february cafe, 28 days of black creativity: the negritude arts movement

Most poets tend to identify with a particular style or era of poetry. As a poet myself, I’ve always subconsciously identified with any poetic form that helped me tell the story of my community through my own experiences with race, social justice, love and relationships, and my life being a women.  As a result, I have always strongly identified with The Harlem Renaissance with the likes of Langston Hughes, Countee Cullen, and others of that era.

However, not knowing much about this poetic movement called “The Negritude Movement“, I find that, even without knowing, I easily identify with this group of poets, even though most of them were French-speaking and some from the continent of

Africa.  I strongly identify with some of the poetic themes in Negritude for Black Americans to escape a country (America) that didn’t provide them equal rights.  We saw this “escapism” with many poets who fled to Europe, in particular Paris, France where they found a sort of freedom to be liberal and recognized and appreciated for their talents and the ability to speak freely about the plight of their people  back home in America. People try to discount that racism still exists daily just because we now have a Black President, however, poets still write poetry about a struggle because the struggle will never go away.  Perhaps another “Negritude” movement is in order so that writers can create a new language for freedom. Read below an excerpt from www.poets.org about the Negritude Movement and a poem from one of the movement’s most well-known poets, Leopold Sedar Senghor and a portion of his fantastic poem, Elegy (for Martin Luther King).

(Excerpt from www.poets.org): Negritude was both a literary and ideological movement led by French-speaking black writers and intellectuals. The movement is marked by its rejection of European colonization and its role in the African diaspora, pride in “blackness” and traditional African values and culture, mixed with an undercurrent of Marxist ideals. Its founders (or les trois pères), Aimé Césaire, Leopold Sedare Senghor, and Leon Gontran Domas, met while studying in Paris in 1931 and began to publish the first journal devoted to Negritude, L’Étudiant noir (The Black Student), in 1934.

The term “Negritude” was coined by Césaire in his Cahier d’un retour au pays natal (1939) and it means, in his words, “the simple recognition of the fact that one is black, the acceptance of this fact and of our destiny as blacks, of our history and culture.” Even in its beginnings Negritude was truly an international movement–drawing inspiration from the flowering of African-American culture brought about by the writers and thinkers of the Harlem Renaissance while asserting its place in the canon of French literature, glorifying the traditions of the African continent, and attracting participants in the colonized countries of the Caribbean, North Africa, and Latin America.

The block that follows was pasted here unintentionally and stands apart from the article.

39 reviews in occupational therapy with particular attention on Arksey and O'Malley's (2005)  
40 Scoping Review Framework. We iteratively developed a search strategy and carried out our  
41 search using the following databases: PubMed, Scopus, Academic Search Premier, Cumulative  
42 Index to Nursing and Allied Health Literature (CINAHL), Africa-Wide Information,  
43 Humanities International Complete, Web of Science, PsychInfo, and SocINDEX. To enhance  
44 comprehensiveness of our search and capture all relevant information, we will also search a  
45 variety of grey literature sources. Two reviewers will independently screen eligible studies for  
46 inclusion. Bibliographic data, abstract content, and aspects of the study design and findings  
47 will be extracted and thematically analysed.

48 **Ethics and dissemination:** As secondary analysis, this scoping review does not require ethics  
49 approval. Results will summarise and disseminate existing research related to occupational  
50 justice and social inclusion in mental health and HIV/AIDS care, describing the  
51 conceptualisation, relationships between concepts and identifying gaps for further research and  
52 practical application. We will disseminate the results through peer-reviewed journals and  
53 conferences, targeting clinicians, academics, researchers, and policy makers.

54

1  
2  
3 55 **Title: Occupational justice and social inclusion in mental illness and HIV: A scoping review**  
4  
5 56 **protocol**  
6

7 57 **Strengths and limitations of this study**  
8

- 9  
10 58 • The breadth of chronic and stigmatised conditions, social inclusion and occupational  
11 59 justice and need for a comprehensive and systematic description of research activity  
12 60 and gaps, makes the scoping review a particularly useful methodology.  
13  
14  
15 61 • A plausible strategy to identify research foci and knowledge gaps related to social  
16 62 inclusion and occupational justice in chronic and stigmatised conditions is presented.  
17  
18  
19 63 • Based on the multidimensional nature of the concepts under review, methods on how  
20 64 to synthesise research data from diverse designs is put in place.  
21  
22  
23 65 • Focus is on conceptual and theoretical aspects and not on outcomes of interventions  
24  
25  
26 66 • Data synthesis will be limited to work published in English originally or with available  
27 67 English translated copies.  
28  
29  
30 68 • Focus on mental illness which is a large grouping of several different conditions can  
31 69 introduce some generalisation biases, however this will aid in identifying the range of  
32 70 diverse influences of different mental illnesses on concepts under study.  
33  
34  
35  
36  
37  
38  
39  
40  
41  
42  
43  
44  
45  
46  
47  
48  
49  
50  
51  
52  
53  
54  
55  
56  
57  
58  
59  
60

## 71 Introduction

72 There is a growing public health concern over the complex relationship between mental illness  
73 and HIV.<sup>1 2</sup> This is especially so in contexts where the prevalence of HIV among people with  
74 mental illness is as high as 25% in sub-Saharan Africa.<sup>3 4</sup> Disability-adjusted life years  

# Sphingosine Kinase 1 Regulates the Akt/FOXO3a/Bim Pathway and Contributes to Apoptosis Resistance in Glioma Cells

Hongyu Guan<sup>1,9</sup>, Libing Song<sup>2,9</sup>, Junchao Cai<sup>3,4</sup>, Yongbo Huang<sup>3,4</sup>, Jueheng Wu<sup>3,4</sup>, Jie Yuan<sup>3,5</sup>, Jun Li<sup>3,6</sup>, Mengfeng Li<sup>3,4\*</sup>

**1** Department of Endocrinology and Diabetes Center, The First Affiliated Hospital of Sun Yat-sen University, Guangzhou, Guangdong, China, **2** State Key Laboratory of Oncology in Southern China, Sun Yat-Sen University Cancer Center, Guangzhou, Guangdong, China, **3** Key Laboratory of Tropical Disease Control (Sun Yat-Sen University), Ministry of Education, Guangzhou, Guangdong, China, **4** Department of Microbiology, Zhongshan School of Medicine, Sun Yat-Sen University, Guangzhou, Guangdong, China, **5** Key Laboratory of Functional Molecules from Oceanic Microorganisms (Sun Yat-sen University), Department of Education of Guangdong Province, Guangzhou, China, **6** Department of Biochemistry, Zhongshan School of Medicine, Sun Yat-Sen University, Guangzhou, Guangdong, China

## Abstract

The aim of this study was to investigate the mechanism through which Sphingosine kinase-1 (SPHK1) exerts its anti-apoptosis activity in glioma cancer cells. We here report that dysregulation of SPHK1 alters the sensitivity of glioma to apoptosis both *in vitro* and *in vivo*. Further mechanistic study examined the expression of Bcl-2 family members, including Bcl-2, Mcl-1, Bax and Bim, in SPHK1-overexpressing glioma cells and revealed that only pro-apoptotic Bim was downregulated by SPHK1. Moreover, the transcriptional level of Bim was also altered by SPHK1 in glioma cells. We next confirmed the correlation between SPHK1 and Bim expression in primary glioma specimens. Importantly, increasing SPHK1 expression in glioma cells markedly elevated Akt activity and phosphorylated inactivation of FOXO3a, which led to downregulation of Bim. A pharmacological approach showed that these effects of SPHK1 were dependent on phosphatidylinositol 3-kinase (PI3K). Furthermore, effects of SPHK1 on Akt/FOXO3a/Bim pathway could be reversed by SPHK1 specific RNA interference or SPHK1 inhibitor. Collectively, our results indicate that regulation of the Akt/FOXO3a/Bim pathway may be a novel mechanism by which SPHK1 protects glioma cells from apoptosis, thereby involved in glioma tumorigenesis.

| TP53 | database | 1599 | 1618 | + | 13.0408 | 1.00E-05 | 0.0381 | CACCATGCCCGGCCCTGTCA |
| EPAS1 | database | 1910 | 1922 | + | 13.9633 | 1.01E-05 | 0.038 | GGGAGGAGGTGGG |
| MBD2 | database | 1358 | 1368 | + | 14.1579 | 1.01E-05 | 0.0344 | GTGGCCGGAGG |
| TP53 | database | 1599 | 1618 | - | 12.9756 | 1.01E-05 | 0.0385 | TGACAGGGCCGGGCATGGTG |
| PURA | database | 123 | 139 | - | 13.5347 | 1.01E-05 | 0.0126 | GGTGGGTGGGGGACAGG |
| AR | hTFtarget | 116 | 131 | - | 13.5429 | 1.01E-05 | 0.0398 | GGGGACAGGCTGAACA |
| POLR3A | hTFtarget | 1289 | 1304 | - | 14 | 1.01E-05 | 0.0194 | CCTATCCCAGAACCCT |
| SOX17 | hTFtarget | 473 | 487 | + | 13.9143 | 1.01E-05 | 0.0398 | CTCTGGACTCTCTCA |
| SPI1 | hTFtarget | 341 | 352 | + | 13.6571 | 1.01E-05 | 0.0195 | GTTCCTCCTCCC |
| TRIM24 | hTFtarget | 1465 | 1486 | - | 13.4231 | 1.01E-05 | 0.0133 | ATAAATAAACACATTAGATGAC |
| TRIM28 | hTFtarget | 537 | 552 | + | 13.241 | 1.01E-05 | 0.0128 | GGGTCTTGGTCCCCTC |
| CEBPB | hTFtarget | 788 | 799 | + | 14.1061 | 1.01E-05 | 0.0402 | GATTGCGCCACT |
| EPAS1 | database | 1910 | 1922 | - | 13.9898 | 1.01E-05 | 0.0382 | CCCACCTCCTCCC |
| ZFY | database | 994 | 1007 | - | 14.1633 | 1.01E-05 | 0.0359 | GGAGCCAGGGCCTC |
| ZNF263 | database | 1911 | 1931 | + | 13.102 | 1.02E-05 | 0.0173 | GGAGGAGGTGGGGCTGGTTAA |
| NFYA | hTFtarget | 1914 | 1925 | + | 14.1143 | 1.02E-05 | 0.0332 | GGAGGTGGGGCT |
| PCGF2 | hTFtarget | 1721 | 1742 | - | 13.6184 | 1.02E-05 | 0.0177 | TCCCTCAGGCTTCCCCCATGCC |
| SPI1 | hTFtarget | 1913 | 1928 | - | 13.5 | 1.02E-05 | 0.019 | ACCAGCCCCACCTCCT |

Leopold Sédar Senghor. Senegal (1906-2001).

Elegy for Martin Luther King (IV of V) (for jazz orchestra)


It was the fourth of April, nineteen hundred and sixty-eight,
A spring evening in a grey neighborhood, a district smelling
Of garbage mud where children played in the streets in
And spring blossomed in the dark courtyards where blue
Streams played, a song of nightingales in the ghetto night of
Martin Luther King chose them, the motel, the district,
The garbage and the street sweepers, with the eyes of his heart
in those
Spring days, those days of passion wherever the mud of flesh
Would have been glorified in the light of Christ.
It was the evening when light is clearest and air sweetest,
Dusk at the heart’s hour, and its flowering of secrets
Mouth to mouth, of organ and of hymns and incense.
On the balcony now haloed in crimson where the air
Is more limpid, Martin Luther stands speaking pastor to
“My Brother, do not forget to praise Christ in his
And let his name be praised!”
And now opposite him, in a house of prostitution,
And perdition, yes, in the Lorraine Motel – Ah, Lorraine, ah
Joan, the white and blue woman, let our mouths purify you
Like rising incense!–In that evil house of tomcats and
A man stands up, a Remington rifle in his hands.
James Earl Ray sees the Reverend Martin Luther King,
Through his telescopic sight, sees the death of Christ: “My
Do not forget to magnify Christ in his resurrection this
Sent by Judas, he watches him, for we have made the poor
into wolves
Of the poor. He looks through his telescopic sight, sees only
the tender
Neck so black and beautiful. He hates that golden voice
The angels’ flutes, the voice of bronze trombone that
thunders on terrible
Sodom and on Adama. Martin looks ahead at the house in
front, he sees
The skyscrapers of light and glass, He sees curly, blond heads, dark,
Kinky heads full of dreams like mysterious orchids, and the
blue lips
And the roses sing in a chorus like a harmonious organ.
The white man looks hard and precise as steel. James Earl
And hits the mark, shoots Martin, who withers like a
fragrant flower
And falls. “My brother, praise His Name clearly, may our
Exult in the Resurrection!”

(excerpt from  http://web.uflib.ufl.edu/cm/africana/senghor.htm)

Thank you for reading and supporting Grown Up Creativity.

Follow me on Twitter: @ivywriter


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